OP-ED: Texas Environmental News

New Mexico has fewer oil and gas inspectors than Texas

Oil men in the know have said New Mexico is the cheapest place to drill. And no wonder, as Oil Change International just released a report showing New Mexico oil regulatory agencies have but one oil and gas inspector for every 6,380 wells. Texas has one inspector per 1,650 wells out of 275,000 active. According to Oil Change, 69-84 percent of methane flares in Texas are unpermitted or unknown. No existing or proposed policy governing the Texas oil and gas industry exists that would meet carbon reduction targets necessary to limit global warming to 1.5 degrees Celsius. Without enforcement of rules, or even no rules, the Texas-New Mexico Permian Basin is the Shangri-La for oil wildcatters.

Chemicals contaminating Earth at high speed

From plastics to pesticides to cosmetics to antibiotics, planet Earth now, according to a new report from ScienceAlert, has over 350,000 man-made chemicals contaminating life systems, pushing the planet’s integrity over the brink. Petrochemical production has increased 50-fold since the 1950s and continues to skyrocket. Ecotoxicologist Bethanie Almroth said, “The rate at which these pollutants are appearing in the environment far exceeds the capacity of governments to assess global and regional risks, let alone control any potential problems.”

These chemicals have infiltrated the atmosphere, the hydrosphere, the cryosphere and the biosphere — many of which are “forever” chemicals, creating molecular foundations for the future not even known at this point. The Guardian reported, “Ignoring the problem is foolish, but that is largely what humanity has done.” Professor Sir Ian Boyd at the University of St. Andrew said: “The rise of the chemical burden in the environment is diffuse and insidious. Even if the toxic effects of individual chemicals can be hard to detect, this does not mean that the aggregate effect is likely to be insignificant.” Boyd, a former U.K. government chief scientific adviser, warned in 2017 that the assumption by regulators around the world that it was safe to use pesticides at industrial scales across landscapes was false. ScienceAlert added, “The chemical pollution planetary boundary is the fifth of nine planetary boundaries that scientists say have been crossed, with the others being global heating, the destruction of wild habitats, loss of biodiversity and excessive nitrogen and phosphorus pollution.”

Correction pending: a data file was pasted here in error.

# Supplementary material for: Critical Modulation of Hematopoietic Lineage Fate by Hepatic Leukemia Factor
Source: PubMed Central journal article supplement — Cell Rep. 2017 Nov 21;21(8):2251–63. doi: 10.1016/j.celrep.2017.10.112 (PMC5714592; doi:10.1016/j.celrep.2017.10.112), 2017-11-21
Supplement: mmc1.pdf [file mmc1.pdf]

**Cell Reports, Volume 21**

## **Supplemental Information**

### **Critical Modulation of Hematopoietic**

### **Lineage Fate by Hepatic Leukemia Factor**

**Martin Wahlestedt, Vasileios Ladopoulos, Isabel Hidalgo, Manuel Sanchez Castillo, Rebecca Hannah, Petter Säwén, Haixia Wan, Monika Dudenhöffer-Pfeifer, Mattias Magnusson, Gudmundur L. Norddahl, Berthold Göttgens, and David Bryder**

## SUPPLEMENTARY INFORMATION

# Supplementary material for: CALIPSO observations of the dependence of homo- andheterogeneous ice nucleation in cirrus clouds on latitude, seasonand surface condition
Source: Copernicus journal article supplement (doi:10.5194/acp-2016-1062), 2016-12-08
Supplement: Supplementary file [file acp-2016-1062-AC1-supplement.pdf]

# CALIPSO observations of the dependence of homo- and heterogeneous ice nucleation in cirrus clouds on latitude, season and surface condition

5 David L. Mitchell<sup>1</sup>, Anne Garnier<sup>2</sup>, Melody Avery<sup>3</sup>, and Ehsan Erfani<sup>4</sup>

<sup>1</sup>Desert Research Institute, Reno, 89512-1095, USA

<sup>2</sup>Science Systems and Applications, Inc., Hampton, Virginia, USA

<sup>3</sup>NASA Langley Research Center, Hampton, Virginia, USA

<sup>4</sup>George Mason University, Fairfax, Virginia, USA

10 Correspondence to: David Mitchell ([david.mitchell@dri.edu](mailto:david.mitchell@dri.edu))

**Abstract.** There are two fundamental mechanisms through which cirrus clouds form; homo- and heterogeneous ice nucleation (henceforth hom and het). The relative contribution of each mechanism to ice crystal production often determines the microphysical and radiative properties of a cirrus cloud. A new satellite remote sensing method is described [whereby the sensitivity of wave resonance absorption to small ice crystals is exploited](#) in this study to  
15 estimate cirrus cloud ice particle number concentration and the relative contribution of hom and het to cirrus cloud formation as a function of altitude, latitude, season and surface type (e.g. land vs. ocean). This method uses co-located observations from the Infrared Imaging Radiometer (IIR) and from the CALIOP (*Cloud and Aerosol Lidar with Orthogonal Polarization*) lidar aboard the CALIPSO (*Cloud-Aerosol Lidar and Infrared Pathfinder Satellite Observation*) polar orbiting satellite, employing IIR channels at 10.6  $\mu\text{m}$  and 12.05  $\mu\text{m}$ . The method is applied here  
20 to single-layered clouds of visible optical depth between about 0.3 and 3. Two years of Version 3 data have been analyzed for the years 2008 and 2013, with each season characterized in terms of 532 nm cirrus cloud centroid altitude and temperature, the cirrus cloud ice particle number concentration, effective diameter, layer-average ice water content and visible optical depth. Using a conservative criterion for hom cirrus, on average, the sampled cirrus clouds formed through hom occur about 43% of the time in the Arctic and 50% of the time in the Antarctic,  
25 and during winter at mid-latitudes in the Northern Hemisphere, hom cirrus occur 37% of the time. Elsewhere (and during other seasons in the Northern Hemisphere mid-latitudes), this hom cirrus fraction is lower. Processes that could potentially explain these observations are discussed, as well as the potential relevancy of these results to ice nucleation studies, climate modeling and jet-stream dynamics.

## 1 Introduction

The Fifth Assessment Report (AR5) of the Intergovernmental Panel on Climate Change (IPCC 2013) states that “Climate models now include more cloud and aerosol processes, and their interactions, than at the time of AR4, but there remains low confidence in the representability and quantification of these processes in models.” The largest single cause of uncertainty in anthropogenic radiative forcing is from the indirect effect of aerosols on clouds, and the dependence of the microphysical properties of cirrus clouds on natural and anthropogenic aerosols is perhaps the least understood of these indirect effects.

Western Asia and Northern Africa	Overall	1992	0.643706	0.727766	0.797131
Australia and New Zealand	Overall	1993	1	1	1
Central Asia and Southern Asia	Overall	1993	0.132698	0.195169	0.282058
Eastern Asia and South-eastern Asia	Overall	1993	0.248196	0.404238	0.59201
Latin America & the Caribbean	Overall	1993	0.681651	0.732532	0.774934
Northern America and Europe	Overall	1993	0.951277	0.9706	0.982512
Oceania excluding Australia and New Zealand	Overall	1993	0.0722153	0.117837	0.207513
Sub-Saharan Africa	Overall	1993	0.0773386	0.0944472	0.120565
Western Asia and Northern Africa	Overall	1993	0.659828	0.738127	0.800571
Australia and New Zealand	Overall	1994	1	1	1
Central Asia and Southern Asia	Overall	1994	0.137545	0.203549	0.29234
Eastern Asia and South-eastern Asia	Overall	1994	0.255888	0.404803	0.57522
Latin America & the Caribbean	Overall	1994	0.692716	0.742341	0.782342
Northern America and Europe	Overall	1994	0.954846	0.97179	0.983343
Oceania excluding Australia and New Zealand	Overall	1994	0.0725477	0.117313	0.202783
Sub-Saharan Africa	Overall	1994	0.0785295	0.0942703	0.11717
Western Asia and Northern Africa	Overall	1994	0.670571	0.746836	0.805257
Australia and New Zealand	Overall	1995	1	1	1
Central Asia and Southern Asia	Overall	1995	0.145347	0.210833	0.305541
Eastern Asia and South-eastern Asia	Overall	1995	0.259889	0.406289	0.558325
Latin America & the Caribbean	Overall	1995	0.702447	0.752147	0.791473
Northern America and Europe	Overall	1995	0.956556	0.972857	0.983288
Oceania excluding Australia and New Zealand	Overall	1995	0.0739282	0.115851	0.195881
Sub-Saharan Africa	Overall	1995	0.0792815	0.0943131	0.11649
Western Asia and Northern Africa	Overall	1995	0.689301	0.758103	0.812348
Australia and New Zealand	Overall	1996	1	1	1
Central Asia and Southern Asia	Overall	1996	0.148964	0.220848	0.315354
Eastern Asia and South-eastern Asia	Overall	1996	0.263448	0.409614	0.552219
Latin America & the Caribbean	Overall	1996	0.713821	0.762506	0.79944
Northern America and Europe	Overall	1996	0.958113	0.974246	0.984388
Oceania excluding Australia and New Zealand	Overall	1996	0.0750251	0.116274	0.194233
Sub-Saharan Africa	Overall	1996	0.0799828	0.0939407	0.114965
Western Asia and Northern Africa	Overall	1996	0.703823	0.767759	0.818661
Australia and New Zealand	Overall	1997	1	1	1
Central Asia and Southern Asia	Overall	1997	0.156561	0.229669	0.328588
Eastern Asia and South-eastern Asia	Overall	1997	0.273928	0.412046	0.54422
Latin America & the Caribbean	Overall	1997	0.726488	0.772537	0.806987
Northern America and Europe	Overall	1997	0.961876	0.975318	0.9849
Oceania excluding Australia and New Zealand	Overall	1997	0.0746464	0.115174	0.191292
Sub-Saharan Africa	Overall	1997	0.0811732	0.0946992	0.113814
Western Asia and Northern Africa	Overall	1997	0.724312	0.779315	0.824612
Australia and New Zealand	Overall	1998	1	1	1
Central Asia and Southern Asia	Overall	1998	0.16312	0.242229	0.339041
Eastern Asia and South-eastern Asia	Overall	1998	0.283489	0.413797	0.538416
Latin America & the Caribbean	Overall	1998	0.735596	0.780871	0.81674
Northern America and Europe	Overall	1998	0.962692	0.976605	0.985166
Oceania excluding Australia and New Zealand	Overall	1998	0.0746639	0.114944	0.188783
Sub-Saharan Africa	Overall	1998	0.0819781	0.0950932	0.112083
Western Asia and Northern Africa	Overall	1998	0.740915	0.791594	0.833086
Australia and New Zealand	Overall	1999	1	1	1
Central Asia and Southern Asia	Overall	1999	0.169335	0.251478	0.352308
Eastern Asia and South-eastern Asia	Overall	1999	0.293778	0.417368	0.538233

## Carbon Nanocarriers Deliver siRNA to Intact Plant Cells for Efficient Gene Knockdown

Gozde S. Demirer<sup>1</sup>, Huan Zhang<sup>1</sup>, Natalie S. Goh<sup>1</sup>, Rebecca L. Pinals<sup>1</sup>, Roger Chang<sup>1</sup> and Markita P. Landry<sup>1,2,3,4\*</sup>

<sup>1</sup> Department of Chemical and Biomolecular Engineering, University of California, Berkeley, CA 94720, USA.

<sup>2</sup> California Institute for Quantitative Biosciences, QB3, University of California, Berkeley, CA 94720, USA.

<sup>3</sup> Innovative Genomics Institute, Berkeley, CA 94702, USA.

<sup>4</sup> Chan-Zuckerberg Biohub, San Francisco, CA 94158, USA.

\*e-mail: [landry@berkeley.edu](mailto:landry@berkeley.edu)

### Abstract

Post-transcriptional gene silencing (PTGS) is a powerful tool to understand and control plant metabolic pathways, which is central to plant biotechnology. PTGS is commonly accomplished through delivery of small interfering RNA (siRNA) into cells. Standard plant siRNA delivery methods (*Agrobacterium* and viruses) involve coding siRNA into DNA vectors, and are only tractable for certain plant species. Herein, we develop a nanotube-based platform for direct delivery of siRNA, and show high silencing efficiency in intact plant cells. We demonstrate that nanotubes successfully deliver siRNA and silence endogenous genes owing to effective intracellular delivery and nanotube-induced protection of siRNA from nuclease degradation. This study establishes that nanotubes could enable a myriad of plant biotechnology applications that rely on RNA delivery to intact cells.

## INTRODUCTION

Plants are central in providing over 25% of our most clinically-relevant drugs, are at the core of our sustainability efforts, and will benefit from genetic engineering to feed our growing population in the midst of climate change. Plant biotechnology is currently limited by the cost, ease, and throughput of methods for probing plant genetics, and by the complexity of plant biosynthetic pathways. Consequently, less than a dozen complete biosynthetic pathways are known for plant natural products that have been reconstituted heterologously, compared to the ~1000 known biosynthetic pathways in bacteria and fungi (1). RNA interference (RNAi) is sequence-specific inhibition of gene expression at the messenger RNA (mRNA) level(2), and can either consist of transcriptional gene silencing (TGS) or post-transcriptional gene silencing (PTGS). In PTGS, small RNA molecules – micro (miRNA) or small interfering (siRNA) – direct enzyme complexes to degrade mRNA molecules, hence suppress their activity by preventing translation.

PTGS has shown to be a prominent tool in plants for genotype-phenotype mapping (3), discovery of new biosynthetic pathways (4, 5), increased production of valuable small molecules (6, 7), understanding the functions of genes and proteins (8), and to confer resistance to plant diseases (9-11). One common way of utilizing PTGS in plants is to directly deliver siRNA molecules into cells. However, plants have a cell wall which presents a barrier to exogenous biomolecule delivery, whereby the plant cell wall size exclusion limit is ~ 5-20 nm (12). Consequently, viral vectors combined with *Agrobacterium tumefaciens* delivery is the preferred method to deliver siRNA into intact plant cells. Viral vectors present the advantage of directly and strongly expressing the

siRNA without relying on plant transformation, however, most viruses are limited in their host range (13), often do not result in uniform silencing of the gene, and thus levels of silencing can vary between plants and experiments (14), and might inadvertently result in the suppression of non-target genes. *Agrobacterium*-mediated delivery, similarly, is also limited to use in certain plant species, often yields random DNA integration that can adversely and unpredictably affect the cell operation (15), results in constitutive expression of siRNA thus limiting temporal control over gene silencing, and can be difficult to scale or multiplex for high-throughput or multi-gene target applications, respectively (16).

Gas stoves threaten human health

Most gas stoves, in a recent sampling by researchers at Stanford University, release both methane and nitrous oxide even when they are turned off. Both gases are known greenhouse gases but they also can negatively affect human health. Attempts to ban gas appliances in new buildings in favor of more climate-friendly electric appliances has failed in Texas, most notoriously when the state government blocked an Austin municipal ordinance in 2021 that would have banned new construction with gas hookups.

A win for environmentalists

In a rare win for environmentalists, a federal court vacated the November 17 Gulf of Mexico off-shore oil lease auction after the judge determined climate change effects on the environment were underestimated by the Trump administration. An earlier ruling in the 5 th District had reversed a Biden-block on the auction. Led by Chevron, Exxon, Shell, BP and Anadarko, over $192 million was bid at the auction. Earthjustice lawyer Brettny Hardy said, “It’s basically a giveaway to industry of millions of acres of the Gulf of Mexico so they can lock in production for years, at a time when we need to be shifting away from fossil fuel development.” Meantime, reports from The Hill state that the Biden administration statistically leads the Trump administration in allowing oil and gas drilling on federal lands. According to the U.S Geological Survey, 25 percent of all U.S. carbon emissions come from burning and extracting fossil fuels from public lands and waters. Meantime, an onshore federal lease auction is set for this month for land in Wyoming, Colorado and Montana.